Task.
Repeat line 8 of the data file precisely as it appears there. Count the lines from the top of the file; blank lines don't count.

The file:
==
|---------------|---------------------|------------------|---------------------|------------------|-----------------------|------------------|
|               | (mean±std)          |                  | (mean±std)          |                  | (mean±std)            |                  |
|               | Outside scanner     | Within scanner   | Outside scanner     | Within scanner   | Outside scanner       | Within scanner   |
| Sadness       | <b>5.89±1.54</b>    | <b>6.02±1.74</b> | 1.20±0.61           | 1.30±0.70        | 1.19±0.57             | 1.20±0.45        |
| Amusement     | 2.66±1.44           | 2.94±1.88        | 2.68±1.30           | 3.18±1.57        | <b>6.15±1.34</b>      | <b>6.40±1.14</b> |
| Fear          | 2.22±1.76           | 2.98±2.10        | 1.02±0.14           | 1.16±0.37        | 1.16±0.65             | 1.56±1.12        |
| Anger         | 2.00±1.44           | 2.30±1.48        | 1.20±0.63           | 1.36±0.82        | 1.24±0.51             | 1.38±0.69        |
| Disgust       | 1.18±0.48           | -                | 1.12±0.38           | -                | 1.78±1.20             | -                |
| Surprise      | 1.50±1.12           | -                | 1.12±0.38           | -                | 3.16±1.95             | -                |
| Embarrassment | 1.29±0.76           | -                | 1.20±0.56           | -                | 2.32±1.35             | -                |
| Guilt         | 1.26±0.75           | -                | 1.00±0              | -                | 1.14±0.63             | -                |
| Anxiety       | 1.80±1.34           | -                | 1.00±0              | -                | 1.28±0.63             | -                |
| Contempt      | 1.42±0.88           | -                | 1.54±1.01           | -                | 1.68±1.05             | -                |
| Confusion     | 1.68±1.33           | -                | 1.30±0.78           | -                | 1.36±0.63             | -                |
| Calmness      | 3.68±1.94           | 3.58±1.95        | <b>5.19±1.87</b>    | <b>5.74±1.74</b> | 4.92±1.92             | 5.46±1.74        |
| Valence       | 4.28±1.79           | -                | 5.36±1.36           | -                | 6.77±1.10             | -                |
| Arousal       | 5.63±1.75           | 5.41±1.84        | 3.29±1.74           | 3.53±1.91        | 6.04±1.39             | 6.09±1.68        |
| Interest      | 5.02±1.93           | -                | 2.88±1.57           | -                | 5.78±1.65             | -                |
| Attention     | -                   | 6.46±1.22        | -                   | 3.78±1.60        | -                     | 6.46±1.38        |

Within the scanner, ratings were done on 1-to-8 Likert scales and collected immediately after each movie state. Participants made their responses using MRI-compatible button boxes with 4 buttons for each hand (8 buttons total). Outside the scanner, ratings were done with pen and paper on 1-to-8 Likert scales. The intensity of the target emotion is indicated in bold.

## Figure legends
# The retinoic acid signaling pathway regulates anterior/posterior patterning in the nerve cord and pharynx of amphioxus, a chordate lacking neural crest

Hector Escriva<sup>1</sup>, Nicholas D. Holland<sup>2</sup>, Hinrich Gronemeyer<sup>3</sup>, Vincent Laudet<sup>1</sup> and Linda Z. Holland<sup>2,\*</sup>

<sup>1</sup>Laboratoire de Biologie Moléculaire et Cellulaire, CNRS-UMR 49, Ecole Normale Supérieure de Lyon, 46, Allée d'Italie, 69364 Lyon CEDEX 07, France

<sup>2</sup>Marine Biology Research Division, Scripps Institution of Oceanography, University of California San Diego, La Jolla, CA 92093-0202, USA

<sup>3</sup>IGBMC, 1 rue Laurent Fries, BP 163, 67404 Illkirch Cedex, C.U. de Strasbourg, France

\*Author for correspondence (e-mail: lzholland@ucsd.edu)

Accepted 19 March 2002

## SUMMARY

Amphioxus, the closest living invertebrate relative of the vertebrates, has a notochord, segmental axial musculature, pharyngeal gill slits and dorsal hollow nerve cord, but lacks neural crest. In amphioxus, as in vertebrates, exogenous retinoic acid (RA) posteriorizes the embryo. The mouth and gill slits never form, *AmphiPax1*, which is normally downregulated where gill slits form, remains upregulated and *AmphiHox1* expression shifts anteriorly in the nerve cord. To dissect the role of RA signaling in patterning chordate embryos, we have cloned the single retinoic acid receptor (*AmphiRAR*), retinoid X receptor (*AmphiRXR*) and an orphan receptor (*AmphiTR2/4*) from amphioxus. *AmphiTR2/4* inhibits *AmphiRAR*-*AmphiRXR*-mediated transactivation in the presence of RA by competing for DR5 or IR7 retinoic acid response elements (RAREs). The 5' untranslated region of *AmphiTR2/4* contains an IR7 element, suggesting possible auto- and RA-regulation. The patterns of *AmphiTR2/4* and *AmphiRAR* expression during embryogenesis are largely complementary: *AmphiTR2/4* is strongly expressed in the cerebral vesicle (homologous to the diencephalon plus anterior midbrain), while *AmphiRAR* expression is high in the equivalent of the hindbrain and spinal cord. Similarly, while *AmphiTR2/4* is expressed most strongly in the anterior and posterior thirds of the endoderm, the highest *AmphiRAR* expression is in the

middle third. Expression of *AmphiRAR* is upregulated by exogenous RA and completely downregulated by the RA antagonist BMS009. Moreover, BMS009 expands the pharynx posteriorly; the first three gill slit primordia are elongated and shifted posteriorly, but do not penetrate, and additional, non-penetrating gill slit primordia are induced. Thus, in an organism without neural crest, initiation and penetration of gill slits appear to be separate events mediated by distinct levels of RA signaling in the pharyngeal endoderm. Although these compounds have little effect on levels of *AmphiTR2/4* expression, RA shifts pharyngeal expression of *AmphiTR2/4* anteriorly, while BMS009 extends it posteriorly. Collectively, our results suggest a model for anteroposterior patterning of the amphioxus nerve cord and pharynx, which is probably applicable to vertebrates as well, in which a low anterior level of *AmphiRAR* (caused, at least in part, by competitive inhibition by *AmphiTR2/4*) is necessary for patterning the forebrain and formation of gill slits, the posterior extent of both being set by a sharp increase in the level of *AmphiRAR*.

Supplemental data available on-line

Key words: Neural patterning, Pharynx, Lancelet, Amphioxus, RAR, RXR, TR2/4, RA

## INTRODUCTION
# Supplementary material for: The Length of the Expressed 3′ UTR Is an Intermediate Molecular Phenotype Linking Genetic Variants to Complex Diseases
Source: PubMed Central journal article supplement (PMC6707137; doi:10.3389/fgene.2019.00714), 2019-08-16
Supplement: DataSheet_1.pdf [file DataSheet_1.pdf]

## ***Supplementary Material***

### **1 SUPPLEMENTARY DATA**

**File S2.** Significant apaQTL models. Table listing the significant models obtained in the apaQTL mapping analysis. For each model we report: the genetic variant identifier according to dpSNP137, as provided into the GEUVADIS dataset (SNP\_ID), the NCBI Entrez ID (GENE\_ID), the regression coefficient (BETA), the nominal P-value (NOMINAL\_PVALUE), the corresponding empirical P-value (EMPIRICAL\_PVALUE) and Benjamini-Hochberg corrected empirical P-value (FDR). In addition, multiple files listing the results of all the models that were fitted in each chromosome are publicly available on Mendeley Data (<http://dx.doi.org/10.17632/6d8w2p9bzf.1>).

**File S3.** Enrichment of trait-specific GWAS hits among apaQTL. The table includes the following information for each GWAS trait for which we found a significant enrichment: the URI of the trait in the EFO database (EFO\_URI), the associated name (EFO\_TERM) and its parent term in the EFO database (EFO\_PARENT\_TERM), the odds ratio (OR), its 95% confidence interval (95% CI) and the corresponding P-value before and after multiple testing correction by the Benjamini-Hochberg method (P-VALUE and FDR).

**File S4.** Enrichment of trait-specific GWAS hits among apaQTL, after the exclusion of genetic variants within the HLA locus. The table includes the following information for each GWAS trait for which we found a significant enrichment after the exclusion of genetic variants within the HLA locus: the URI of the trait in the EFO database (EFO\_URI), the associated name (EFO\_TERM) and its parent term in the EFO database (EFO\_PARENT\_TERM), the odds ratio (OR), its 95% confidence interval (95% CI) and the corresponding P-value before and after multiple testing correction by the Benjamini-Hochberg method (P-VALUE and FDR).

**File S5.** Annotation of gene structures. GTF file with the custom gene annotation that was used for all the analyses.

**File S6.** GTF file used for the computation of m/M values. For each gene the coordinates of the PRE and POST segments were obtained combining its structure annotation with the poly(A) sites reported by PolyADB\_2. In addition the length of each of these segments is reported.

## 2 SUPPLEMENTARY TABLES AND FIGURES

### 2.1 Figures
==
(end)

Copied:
| Disgust       | 1.18±0.48           | -                | 1.12±0.38           | -                | 1.78±1.20             | -                |